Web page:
On the other hand, if a service system is able to accommodate any number of customers at a time, then it is referred to as infinite (or unlimited) source queue. For example, in a sales department, here the customer orders are received; there is no restriction on the number of orders that can come in, so that a queue of any size can form.

The Number of Service Channels

The more the number of service channels in the service facility, the greater the overall service rate of the facility. The combination of arrival rate and service rate is critical for determining the number of service channels. When there are a number of service channels available for service, then the arrangement of service depends upon the design of the system's service mechanism.

Parallel channels means, a number of channels providing identical service facilities so that several customers may be served simultaneously. Series channel means a customer go through successive ordered channels before service is completed. A queuing system is called a one-server model, i.e., when the system has only one server, and a multi-server model i.e., when the system has a number of parallel channels, each with one server.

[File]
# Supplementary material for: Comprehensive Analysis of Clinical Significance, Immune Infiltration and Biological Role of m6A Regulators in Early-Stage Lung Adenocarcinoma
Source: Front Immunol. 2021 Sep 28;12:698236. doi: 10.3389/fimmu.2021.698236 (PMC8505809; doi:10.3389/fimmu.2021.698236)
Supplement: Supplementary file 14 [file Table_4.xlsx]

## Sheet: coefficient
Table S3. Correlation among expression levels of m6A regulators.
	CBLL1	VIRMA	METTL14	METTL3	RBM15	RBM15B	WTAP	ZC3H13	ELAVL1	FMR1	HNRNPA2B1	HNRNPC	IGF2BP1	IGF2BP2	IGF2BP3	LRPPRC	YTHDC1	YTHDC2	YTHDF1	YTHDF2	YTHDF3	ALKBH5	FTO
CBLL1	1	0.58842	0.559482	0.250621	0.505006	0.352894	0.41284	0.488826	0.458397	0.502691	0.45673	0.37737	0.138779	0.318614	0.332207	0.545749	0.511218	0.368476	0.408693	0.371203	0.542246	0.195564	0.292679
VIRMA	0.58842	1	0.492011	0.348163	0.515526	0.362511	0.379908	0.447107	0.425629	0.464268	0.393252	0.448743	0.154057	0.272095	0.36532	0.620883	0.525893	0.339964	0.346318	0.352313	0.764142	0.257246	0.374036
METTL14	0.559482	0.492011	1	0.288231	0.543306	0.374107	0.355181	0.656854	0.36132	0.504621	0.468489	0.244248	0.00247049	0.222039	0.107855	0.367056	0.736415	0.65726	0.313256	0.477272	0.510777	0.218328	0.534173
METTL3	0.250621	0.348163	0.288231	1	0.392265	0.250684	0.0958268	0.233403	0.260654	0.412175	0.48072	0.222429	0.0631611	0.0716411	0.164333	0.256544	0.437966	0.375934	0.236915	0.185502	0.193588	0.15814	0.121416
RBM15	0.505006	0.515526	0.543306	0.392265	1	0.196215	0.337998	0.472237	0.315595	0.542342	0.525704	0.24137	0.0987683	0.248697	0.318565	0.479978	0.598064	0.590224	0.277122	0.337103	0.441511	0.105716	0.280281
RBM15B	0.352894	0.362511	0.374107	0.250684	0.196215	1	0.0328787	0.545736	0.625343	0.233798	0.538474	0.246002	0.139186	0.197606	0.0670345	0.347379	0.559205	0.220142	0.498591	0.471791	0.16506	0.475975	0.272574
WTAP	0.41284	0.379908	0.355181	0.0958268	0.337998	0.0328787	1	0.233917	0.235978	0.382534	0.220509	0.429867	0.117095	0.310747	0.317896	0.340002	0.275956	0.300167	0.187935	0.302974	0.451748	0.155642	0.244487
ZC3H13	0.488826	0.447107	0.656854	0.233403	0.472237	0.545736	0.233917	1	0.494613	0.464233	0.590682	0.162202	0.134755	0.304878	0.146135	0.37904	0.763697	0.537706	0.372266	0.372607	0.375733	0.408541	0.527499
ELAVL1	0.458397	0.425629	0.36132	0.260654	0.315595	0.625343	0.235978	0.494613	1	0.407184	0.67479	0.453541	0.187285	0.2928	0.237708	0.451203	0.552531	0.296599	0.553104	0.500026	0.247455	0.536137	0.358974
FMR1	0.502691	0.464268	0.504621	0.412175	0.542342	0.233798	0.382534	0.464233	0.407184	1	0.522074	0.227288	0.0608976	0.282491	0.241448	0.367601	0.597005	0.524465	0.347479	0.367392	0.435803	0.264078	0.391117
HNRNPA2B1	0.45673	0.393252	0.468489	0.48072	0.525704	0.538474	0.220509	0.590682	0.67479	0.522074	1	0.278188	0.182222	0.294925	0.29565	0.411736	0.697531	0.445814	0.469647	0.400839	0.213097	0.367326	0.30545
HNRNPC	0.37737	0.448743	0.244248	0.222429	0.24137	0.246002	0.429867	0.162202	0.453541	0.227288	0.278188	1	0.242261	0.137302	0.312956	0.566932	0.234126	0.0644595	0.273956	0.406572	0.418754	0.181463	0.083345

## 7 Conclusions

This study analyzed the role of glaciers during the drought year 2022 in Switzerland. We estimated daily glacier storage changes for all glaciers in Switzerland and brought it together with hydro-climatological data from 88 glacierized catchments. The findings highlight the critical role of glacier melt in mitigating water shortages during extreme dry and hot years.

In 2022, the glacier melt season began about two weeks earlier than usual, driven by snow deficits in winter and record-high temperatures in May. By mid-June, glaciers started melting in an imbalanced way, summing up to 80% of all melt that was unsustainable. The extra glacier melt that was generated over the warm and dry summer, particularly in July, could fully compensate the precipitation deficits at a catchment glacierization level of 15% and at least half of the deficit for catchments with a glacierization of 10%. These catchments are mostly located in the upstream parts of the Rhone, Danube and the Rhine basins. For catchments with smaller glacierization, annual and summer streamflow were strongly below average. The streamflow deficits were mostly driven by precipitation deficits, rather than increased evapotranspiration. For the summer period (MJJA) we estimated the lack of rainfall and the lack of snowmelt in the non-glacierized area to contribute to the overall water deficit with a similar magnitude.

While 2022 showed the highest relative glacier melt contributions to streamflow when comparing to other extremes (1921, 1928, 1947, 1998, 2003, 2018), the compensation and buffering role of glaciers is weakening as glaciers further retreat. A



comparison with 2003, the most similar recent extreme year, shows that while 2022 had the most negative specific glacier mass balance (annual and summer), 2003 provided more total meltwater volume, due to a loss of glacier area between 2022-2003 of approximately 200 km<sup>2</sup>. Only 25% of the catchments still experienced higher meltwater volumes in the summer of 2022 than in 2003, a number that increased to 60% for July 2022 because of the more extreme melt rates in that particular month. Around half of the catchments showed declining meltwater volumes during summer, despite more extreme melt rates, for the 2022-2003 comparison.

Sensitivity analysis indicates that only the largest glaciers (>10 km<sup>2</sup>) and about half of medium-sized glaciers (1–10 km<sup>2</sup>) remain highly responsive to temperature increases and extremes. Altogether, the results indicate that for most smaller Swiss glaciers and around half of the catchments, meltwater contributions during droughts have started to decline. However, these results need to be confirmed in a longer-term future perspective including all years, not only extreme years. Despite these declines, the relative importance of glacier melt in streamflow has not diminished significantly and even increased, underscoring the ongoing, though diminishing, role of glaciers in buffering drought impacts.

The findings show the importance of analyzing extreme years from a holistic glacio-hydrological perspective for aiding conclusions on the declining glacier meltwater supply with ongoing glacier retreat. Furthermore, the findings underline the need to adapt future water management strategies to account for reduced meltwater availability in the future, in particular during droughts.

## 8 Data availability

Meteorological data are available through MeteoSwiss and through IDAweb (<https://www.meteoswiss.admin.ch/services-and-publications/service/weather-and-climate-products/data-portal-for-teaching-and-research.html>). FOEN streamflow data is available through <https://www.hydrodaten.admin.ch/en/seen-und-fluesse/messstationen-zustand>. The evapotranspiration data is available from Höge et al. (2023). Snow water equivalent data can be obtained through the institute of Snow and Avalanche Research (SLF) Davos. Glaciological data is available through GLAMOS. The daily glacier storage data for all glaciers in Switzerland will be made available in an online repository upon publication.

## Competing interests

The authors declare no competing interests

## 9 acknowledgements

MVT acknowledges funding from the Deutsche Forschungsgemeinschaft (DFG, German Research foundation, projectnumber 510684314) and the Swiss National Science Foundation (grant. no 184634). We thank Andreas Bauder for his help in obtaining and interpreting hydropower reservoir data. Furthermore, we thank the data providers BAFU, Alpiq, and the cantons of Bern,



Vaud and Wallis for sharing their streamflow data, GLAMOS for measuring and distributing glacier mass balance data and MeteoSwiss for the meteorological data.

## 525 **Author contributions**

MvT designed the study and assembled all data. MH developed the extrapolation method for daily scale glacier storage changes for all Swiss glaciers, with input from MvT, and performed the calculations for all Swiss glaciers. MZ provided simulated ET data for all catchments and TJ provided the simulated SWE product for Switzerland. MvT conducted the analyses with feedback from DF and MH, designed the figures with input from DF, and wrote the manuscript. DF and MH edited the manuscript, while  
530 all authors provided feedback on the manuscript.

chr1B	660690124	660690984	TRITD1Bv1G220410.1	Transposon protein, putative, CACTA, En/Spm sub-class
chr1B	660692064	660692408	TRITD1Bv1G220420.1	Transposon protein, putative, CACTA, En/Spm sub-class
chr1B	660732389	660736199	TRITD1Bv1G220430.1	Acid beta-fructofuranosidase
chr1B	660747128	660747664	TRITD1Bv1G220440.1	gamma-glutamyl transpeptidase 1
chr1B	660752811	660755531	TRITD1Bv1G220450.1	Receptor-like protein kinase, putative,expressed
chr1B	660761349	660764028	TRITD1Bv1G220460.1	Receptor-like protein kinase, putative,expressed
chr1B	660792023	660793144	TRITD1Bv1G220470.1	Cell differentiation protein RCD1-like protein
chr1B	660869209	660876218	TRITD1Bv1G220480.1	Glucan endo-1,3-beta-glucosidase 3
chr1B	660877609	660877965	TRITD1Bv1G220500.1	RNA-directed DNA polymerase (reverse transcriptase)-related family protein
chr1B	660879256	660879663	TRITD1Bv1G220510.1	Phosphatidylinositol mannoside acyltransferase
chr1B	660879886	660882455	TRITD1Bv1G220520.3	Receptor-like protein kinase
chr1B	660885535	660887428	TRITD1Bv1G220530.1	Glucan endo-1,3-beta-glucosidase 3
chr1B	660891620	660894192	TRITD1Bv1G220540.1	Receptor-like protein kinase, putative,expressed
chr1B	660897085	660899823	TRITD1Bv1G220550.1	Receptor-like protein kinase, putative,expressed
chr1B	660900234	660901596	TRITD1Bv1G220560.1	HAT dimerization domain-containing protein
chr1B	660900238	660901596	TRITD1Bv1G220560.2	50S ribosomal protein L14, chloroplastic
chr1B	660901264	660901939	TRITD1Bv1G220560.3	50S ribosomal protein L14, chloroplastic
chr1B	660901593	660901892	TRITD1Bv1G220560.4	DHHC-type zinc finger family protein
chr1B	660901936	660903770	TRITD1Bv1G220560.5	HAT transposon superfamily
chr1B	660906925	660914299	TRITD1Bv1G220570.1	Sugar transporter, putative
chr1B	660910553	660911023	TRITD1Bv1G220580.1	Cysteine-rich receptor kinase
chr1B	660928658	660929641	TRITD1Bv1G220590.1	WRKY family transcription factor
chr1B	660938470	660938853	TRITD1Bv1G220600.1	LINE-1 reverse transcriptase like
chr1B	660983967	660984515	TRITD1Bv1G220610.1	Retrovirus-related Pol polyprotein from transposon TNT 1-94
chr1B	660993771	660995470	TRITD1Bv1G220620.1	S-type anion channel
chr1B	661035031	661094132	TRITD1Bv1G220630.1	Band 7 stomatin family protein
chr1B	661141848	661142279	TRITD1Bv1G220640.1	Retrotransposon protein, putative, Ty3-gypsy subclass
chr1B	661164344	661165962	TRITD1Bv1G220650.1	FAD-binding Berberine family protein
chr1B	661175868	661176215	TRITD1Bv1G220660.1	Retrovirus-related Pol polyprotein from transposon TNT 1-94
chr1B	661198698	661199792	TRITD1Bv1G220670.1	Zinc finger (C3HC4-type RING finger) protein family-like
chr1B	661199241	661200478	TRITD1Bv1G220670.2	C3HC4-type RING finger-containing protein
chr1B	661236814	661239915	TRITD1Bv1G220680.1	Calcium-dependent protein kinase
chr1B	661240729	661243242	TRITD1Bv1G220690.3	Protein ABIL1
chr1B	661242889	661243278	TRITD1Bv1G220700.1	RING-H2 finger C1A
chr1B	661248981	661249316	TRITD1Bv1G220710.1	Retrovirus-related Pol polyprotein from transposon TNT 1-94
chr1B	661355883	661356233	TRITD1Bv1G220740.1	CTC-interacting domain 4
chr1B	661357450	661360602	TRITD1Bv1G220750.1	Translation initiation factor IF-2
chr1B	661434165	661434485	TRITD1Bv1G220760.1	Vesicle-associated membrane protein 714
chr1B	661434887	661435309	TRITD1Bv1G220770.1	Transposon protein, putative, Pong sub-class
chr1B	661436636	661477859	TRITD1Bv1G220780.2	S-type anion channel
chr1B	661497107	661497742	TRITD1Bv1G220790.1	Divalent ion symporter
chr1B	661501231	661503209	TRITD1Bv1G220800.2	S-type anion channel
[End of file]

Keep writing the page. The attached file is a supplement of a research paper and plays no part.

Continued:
(a) Arrangement of service facilities in series

Arrangement of service facilities in series

(1) Single Queue Single Server

Single Queue Single Server

(2) Single Queue, Multiple Server

(b) Arrangement of Service facilities in Parallel

Arrangement of Service facilities in Parallel
(c) Arrangement of Mixed Service facilities

Arrangement of Mixed Service facilities

Arrangements of Service Facilities (a, b, c)

Attitude of Customers

Patient Customer: Customer arrives at the service system, stays in the queue until served, no matter how much he has to wait for service.

Impatient Customer: Customer arrives at the service system, waits for a certain time in the queue and leaves the system without getting service due to some reasons like long queue before him.

Balking: Customer decides not to join the queue by seeing the number of customers already in service system.

Reneging: Customer after joining the queue, waits for some time and leaves the service system due to delay in service.

Jockeying: Customer moves from one queue to another thinking that he will get served faster by doing so.